11 Cash Received from Customers (other variations) Sales + Beg Net A/R - End Net A/R - Bad debt exp adj - Beg unearned rev + End undearned rev = Cash from Customers Sales + Beg A/R - End A/R - writeoffs –= beg allowance + bad debt exp. - ending allowance - Beg unearned rev + End unearned rev = Cash from Customers

12 Cash Paid For Inventory Cost of Goods Sold + End Inventory - Beginning Inventory = Purchases + Beg A/P - End A/P = Cash paid for inventory

13 Cash Paid for Operating Expenses Operating Expenses (do not include interest exp., depreciation exp., nor gains & losses from sale of investments) - Beg prepaids + End prepaids + Beg accrued exp - End accrued exp = Cash paid for operating expenses

14 Cash Paid for Income Taxes Income Tax Exp + Beg tax payable - End tax payable = Cash paid for income Taxes

15 Cash Paid for Interest Interest Exp + Beg interest payable - End interest payable = Cash paid for interest

16 Cash Received from dividends and interest Dividend and Interest Income + Beg interest receivable - End interest receivable = Cash Received from dividends and interest

17 Cash Flow from Investing Activities Cash received (sale) or paid (purchase) for: –short term investments –long-term investments –property plant and equipment Whole cash amount received or paid. Look at change in investment and fixed asset accounts but may need more specific information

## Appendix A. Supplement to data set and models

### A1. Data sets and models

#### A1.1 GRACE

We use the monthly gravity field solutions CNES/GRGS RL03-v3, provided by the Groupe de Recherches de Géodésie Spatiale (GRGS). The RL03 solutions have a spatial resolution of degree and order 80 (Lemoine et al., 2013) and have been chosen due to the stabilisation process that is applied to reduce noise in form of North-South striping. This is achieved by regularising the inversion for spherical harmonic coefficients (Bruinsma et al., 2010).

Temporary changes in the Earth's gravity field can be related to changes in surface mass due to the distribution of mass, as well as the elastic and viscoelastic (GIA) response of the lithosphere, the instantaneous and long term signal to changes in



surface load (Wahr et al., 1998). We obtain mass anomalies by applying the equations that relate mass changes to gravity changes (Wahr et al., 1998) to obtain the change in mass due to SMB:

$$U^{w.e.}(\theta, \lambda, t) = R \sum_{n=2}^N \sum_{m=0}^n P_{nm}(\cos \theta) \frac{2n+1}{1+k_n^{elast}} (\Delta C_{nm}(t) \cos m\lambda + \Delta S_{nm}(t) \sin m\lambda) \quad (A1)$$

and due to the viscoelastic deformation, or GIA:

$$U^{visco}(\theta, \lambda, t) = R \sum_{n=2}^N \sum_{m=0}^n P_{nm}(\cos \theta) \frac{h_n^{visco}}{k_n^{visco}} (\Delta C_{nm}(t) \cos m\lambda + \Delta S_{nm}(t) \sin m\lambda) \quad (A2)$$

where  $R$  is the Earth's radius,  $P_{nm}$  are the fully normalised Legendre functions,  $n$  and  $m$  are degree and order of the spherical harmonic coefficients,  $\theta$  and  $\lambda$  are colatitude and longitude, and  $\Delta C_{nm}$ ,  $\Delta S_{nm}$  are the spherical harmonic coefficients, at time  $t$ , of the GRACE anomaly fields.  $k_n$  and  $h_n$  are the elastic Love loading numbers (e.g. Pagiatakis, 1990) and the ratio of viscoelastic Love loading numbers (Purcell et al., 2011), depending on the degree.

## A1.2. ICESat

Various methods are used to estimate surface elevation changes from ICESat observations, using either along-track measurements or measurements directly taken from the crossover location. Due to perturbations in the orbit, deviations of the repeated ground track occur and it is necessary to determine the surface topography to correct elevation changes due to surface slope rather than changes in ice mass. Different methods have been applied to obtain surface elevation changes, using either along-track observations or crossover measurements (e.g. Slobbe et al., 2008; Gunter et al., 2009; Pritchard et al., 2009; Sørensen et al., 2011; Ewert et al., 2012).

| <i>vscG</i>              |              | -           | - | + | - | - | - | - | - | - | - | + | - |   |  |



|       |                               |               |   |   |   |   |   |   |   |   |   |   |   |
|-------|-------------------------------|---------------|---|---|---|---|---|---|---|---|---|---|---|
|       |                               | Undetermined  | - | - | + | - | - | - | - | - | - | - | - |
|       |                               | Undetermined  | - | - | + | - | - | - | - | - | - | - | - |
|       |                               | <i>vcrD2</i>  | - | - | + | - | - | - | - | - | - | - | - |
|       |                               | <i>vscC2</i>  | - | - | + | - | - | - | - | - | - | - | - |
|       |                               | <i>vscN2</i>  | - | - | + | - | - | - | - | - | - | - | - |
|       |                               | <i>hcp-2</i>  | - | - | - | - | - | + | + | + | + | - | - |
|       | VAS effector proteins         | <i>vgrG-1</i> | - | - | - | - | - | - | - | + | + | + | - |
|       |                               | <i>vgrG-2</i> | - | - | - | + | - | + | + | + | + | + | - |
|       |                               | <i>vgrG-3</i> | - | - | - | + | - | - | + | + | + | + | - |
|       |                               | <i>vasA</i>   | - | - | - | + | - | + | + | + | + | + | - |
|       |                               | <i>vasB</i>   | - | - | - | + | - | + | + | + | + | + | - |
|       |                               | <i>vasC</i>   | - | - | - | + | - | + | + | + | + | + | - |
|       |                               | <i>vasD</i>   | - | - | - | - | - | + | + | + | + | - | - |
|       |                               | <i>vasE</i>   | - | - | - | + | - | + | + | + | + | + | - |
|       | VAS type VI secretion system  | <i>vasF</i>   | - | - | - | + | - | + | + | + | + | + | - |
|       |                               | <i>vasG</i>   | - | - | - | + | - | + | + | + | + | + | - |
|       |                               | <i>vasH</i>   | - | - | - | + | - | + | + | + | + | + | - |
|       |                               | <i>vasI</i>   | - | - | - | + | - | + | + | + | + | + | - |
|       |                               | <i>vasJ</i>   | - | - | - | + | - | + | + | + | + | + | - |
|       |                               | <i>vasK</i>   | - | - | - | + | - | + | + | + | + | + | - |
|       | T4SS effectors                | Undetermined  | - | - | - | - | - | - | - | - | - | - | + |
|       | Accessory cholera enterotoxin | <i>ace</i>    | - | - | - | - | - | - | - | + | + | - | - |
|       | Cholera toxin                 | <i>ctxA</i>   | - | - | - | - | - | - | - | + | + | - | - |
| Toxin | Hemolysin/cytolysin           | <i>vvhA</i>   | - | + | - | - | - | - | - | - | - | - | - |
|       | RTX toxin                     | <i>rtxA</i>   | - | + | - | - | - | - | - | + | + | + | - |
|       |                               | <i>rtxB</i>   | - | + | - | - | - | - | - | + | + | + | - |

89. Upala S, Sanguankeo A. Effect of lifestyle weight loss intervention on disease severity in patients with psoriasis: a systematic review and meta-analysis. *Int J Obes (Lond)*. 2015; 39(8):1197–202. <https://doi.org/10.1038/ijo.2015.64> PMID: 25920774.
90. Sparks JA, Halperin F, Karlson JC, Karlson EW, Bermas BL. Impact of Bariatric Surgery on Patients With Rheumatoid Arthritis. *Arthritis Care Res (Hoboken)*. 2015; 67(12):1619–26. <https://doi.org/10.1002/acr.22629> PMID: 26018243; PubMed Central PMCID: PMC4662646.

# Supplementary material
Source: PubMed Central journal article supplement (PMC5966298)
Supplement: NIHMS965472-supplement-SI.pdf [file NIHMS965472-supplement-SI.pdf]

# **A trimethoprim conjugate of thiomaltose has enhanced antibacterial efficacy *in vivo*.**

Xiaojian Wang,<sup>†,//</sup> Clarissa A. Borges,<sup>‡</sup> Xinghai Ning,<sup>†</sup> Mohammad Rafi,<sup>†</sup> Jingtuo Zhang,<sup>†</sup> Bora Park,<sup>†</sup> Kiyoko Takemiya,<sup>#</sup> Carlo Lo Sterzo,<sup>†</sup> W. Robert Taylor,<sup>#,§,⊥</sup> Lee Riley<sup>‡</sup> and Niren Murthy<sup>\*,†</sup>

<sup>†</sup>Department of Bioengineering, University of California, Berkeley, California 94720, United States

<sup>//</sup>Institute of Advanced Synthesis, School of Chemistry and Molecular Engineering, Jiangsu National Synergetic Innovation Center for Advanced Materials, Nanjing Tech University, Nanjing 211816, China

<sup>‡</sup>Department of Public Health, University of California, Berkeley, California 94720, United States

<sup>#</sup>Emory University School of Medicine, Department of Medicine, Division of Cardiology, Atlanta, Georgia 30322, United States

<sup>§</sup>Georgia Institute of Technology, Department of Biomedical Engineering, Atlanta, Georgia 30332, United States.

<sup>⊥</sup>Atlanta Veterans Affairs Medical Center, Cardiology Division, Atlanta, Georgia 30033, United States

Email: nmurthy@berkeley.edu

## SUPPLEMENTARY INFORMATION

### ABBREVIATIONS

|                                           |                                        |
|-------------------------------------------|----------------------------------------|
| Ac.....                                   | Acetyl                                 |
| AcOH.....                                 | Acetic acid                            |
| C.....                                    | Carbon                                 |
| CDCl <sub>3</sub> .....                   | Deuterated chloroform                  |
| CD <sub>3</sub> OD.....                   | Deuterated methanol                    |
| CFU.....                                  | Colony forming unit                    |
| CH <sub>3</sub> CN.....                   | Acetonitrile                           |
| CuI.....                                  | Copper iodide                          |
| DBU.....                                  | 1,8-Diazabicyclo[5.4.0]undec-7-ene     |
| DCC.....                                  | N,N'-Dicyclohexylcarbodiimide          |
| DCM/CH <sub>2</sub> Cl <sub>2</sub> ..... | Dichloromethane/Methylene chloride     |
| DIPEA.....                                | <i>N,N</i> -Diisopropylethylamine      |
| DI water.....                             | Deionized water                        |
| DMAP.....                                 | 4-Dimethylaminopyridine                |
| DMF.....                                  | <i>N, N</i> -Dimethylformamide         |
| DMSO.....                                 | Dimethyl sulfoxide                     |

18 Example Equipment Balance Sheet Amount Change: Beg $300,000, Ending $400,000 Can your just say net cash out for equipment was $100,000? Why?

19 Example Equipment Continued Sold Equipment for $65,000 cash that had book value of $40,000 (original cost $100,000) Bought equipment $200,000 with $80,000 down and the rest on a long term note payable Accumulated depreciation increased by $50,000

20 Example Equipment Results on Cash Flow Statement Cash from sale of equipment $65,000 Gain on sale $25,000 subtracted from NI on indirect method (make sure amt is not included in direct method either) Depreciation exp $110,000 ($50,000 increase in accum deprec from B/S + $60,000 acum depr reduced when sold equip added back in indirect method (make sure amt is not included in direct method operating expenses Cash paid for purchase of equipment $80,000 Noncash investing & financing Activities –Issued long-term note payable for some equipment $120,000

21 Equipment Example Think about journal entries Cash 65,000 Accum Depr 60,000 Equip100,000 Gain 25,000 Sale of equipment Depr Exp110,00 Accum. Depr 110,000 Year end Adj J/E for equip depr. Equipment200,000 Cash 80,000 L-T Note Payable 120,000 Equip Purchase

22 Financing Activities Cash received from: –sale of stock –issuance of debt Cash paid for –Payment of debt (principle only, interest is in operating activities) –Payment of dividends Look at change in stock, debt and retained earnings (May need more details) (for R/E only dividends portion applies to financing activities while net income portion should tie into indirect method in operating activities)

23 Ways to Check Your Work Indirect and Direct methods must equal each other Net cash flow added to beginning cash balance must equal ending cash balance (Marketable securities are most often included as part of these cash balances.) In template must account for every change in B/S accounts and every item on income statement (some noncash items are adjusted out or not included in cash flow calculations)